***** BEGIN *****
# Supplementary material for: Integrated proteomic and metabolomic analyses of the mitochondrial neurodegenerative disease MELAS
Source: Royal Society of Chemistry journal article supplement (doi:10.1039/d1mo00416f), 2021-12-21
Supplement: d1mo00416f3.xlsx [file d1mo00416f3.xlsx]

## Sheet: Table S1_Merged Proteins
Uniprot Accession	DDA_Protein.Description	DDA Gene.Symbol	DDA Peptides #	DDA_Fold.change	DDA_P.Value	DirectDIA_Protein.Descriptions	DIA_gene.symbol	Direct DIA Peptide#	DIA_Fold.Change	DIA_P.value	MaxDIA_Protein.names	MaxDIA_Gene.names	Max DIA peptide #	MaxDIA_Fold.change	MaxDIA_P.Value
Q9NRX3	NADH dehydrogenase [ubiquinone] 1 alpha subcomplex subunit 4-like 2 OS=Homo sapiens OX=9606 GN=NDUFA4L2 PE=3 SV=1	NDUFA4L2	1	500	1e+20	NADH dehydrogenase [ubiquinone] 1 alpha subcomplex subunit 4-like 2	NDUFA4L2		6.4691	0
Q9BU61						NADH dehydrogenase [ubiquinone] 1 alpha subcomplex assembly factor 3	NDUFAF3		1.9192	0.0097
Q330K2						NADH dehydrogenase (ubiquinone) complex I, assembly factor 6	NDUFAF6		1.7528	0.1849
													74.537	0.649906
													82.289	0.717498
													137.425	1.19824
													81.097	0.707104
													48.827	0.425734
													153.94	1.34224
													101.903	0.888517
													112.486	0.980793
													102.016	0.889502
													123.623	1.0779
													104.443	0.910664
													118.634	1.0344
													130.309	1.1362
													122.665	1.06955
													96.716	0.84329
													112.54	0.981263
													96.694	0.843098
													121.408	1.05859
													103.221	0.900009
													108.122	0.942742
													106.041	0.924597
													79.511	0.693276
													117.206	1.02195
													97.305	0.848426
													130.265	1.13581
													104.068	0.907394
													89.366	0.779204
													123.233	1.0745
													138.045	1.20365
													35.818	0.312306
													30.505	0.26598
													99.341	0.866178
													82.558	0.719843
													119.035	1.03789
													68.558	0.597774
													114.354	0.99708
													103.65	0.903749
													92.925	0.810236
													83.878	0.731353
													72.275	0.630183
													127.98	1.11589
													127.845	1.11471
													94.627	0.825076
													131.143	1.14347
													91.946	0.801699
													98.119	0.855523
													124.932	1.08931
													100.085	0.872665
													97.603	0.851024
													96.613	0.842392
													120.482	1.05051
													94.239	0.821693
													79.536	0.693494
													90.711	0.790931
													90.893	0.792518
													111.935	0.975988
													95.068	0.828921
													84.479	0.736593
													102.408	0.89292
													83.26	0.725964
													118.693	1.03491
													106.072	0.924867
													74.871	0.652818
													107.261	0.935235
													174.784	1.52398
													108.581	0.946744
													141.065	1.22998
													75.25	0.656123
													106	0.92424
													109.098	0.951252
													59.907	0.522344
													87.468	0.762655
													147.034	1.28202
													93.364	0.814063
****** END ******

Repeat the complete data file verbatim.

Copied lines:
# Supplementary material for: Integrated proteomic and metabolomic analyses of the mitochondrial neurodegenerative disease MELAS
Source: Royal Society of Chemistry journal article supplement (doi:10.1039/d1mo00416f), 2021-12-21
Supplement: d1mo00416f3.xlsx [file d1mo00416f3.xlsx]

## Sheet: Table S1_Merged Proteins
Uniprot Accession	DDA_Protein.Description	DDA Gene.Symbol	DDA Peptides #	DDA_Fold.change	DDA_P.Value	DirectDIA_Protein.Descriptions	DIA_gene.symbol	Direct DIA Peptide#	DIA_Fold.Change	DIA_P.value	MaxDIA_Protein.names	MaxDIA_Gene.names	Max DIA peptide #	MaxDIA_Fold.change	MaxDIA_P.Value
Q9NRX3	NADH dehydrogenase [ubiquinone] 1 alpha subcomplex subunit 4-like 2 OS=Homo sapiens OX=9606 GN=NDUFA4L2 PE=3 SV=1	NDUFA4L2	1	500	1e+20	NADH dehydrogenase [ubiquinone] 1 alpha subcomplex subunit 4-like 2	NDUFA4L2		6.4691	0
Q9BU61						NADH dehydrogenase [ubiquinone] 1 alpha subcomplex assembly factor 3	NDUFAF3		1.9192	0.0097
Q330K2						NADH dehydrogenase (ubiquinone) complex I, assembly factor 6	NDUFAF6		1.7528	0.1849
													74.537	0.649906
													82.289	0.717498
													137.425	1.19824
													81.097	0.707104
													48.827	0.425734
													153.94	1.34224
													101.903	0.888517
													112.486	0.980793
													102.016	0.889502
													123.623	1.0779
													104.443	0.910664
													118.634	1.0344
													130.309	1.1362
													122.665	1.06955
													96.716	0.84329
													112.54	0.981263
													96.694	0.843098
													121.408	1.05859
													103.221	0.900009
													108.122	0.942742
													106.041	0.924597
													79.511	0.693276
													117.206	1.02195
													97.305	0.848426
													130.265	1.13581
													104.068	0.907394
													89.366	0.779204
													123.233	1.0745
													138.045	1.20365
													35.818	0.312306
													30.505	0.26598
													99.341	0.866178
													82.558	0.719843
													119.035	1.03789
													68.558	0.597774
													114.354	0.99708
													103.65	0.903749
													92.925	0.810236
													83.878	0.731353
													72.275	0.630183
													127.98	1.11589
													127.845	1.11471
													94.627	0.825076
													131.143	1.14347
													91.946	0.801699
													98.119	0.855523
													124.932	1.08931
													100.085	0.872665
													97.603	0.851024
													96.613	0.842392
													120.482	1.05051
													94.239	0.821693
													79.536	0.693494
													90.711	0.790931
													90.893	0.792518
													111.935	0.975988
													95.068	0.828921
													84.479	0.736593
													102.408	0.89292
													83.26	0.725964
													118.693	1.03491
													106.072	0.924867
													74.871	0.652818
													107.261	0.935235
													174.784	1.52398
													108.581	0.946744
													141.065	1.22998
													75.25	0.656123
													106	0.92424
													109.098	0.951252
													59.907	0.522344
													87.468	0.762655
													147.034	1.28202
													93.364	0.814063